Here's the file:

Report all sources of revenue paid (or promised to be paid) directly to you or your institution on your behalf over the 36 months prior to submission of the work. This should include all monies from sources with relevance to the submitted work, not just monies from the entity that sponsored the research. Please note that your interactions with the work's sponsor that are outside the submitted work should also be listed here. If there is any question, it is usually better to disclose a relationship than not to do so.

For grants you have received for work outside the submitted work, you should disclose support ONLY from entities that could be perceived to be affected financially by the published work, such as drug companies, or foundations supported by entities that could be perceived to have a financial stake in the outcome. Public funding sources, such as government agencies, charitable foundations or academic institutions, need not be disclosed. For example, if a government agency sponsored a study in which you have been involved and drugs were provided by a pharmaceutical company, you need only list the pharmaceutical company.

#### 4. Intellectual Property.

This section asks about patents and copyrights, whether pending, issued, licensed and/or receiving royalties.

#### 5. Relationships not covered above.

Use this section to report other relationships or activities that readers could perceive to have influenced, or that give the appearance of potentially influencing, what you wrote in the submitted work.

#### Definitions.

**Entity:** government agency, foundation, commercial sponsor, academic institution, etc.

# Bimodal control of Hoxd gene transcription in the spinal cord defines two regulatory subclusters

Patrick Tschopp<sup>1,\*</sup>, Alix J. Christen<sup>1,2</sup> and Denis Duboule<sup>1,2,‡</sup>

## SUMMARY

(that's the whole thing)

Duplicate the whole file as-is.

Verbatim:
Report all sources of revenue paid (or promised to be paid) directly to you or your institution on your behalf over the 36 months prior to submission of the work. This should include all monies from sources with relevance to the submitted work, not just monies from the entity that sponsored the research. Please note that your interactions with the work's sponsor that are outside the submitted work should also be listed here. If there is any question, it is usually better to disclose a relationship than not to do so.

For grants you have received for work outside the submitted work, you should disclose support ONLY from entities that could be perceived to be affected financially by the published work, such as drug companies, or foundations supported by entities that could be perceived to have a financial stake in the outcome. Public funding sources, such as government agencies, charitable foundations or academic institutions, need not be disclosed. For example, if a government agency sponsored a study in which you have been involved and drugs were provided by a pharmaceutical company, you need only list the pharmaceutical company.

#### 4. Intellectual Property.

This section asks about patents and copyrights, whether pending, issued, licensed and/or receiving royalties.

#### 5. Relationships not covered above.

Use this section to report other relationships or activities that readers could perceive to have influenced, or that give the appearance of potentially influencing, what you wrote in the submitted work.

#### Definitions.

**Entity:** government agency, foundation, commercial sponsor, academic institution, etc.

# Bimodal control of Hoxd gene transcription in the spinal cord defines two regulatory subclusters

Patrick Tschopp<sup>1,\*</sup>, Alix J. Christen<sup>1,2</sup> and Denis Duboule<sup>1,2,‡</sup>

## SUMMARY